Both fifth generation coffee farmers, Adriana and Cole are part of the new speciality coffee producer crowd taking over these wild, jungled mountains where a sought-after type of coffee is grown (pluma típica). This variety is susceptible to a local insect infestations, meaning that many of the local farmers prefer to grow easier, lower quality beans to ensure a financially successful harvest. But those willing to take the risk on pluma tipica are awarded with some excellent coffee.
Adriana and Cole have taken things a step further, stepping up their game with a site for glamping and a coffee tasting for guests. The road up the mountain from Huatulco and the coast is winding and a low cloud of fog hangs over everything as we approach in early evening. Our tents, sitting on wooden platforms and fully equipped with real beds, high-quality linens, and locally produced bath products, are cozy yet breathable. Outside each has a few wooden deck chairs for lounging and gazing at the full moon which will soon be out in all its glory. The bathrooms and showers are in an equally nice building a few feet away, but separate from the tents.
Adriana is an excellent cook and serves us a yellow mole for dinner with chayote, potatoes, and big chunks of beef. She tells us that it was her great grandmother's recipe. A little local mezcal and some Victoria beers and we settle in to hear the story of the finca.
The place has belonged to Cole's family since 1877. The land was passed from generation to generation, including the original wooden house reminiscent of a Swiss cottage or the den of some rubber tappers in a 18th-century jungle novel.
Photos dating from the finca's inception show stern-faced former inhabitants and a mischievous farm dog that refuses to be left out of the fun. Cole's father abandoned the land in the 1990s when a crash in global coffee prices and hurricane Paulina that slammed into the Oaxaca coast made the business unsustainable. Two years ago, Cole and Adriana came back and began to harvest and process coffee for the first time in over 20 years. Adriana's family also has a coffee plantation on the other side of the mountain and the bulk of beans they ferment and process come from there.
The night arrives with the sounds of tree frogs and rustling bamboo, satisfied and buzzing from the mezcal, we settle into our individual tents for the night. In the morning I find I am sharing my tent with the farm's cat Bobby who has snuck in during the night.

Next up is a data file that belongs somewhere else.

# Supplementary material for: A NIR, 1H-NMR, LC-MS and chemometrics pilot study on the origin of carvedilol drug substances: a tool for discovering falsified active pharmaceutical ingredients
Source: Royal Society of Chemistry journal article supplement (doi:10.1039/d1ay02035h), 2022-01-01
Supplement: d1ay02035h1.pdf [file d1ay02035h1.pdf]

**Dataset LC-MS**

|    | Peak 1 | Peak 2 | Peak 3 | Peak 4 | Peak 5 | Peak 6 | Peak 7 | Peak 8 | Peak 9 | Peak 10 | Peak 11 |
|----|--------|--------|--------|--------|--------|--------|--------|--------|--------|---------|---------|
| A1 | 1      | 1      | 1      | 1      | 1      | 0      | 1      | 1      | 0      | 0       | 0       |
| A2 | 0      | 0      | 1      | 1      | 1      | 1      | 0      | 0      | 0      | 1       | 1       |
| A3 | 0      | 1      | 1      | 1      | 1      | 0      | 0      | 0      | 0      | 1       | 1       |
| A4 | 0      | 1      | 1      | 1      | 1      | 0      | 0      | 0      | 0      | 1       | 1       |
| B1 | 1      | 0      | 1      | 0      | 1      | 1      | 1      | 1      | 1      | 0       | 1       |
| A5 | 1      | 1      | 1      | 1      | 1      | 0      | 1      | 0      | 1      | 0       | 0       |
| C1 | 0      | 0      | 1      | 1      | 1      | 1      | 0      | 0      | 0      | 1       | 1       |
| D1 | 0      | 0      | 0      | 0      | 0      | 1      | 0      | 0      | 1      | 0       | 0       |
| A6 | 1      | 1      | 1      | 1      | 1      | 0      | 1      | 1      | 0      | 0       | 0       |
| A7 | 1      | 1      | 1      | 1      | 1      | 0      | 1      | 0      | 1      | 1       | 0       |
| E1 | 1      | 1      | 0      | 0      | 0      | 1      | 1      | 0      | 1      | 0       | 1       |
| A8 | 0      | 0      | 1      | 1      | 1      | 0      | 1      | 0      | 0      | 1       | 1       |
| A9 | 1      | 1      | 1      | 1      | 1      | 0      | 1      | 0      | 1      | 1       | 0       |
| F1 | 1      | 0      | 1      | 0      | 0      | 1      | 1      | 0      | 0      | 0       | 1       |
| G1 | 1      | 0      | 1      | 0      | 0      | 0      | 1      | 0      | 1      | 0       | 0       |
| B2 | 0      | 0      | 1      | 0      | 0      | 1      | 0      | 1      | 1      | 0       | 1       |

A Passion for Coffee in Mexico
We awake early for a coffee tasting provided by Cole. He starts by making us a cup of his delicious coffee and then proceeds to test our sense of smell with a variety of essential oils. The collection of tiny bottles represents all the good and bad smells detectable in a cup of coffee. It's obvious that Cole is deeply passionate about his coffee as he tells us about the extensive process they have undergone to determine just the right amount of toasting, fermentation, and processing for their beans.
We move to the tasting area where we are instructed on the difference between the fragrance, aroma, and taste of coffee and how its various forms and the time it is allowed to sit determine what tastes and smells predominate. I'm not really sure I detected the notes I was supposed to, but I did get to drink lots of great coffee. For breakfast we're treated to another incredible meal from Adriana, this time French toast and enchiladas de coloradito with salty local cheese sprinkled on top.
The finca has a short jungle hike where visitors can learn a little about the process of coffee cultivation or a bit more intense hike down to the 50-meter waterfall that once powered all of the town of Pluma with hydroelectric power.
On our way back to Huatulco we stopped off at the Manto Niebla coffee plantation, owned by Francisco Villareal. Villareal is another pioneer who has come to invest in the area's revitalizing coffee trade. Young and ambitious, Villareal has purchased 70 hectares of land and planted between 60-70 thousand coffee plants since he started in 2016. The finca's land reaches up to 1350 meters above sea level but so far they have only planted up to 1200 meters. The coffee plants are a mix of pluma tipica, geisha, and Marsellesa beans—all varieties that can fetch premium prices from connoisseurs.
They are planting rows of shiny green coffee plants among the native trees, which they have thinned to give the plants some light on the jungle floor. While cutting down trees is a necessary evil for coffee production, Villareal says they follow the guidelines of the Rainforest Alliance (like leaving all of what's cut for biomass on the forest floor) and try to grow their coffee as sustainably as possible.
The foot or so tall recent additions are mixed in with decades-old plants that survived the area's abandonment and continue to produce Christmas-red berries on their limbs. Villareal and his team have trimmed back these old trees and many have begun to produce double what they did when the new farmers first arrived.
Right now the finca is still in its most nascent stage. They've set up a coffee plant nursery for later transplantation at high altitudes, while tending to their young bushes and drying coffee in the sun at the tiny bodega and office at the entrance to the finca. Villareal eventually plans to have green spaces and areas for guests to purchase beans, and sample what he believes will be some of the best specialty coffee in the region, but for now its a verdant, wild mix of coffee and local flora.
If you go:
Aventura Mundo organizes these and other adventure tours for groups big and small on the coast of Oaxaca state and they can adjust an itinerary to your needs. High season in Huatulco, which means more tourists but also the best weather, is from November to March.
Story by associate editor Lydia Carey, all photos by author except for two of moonlight tou, courtesy of Aventura Mundo.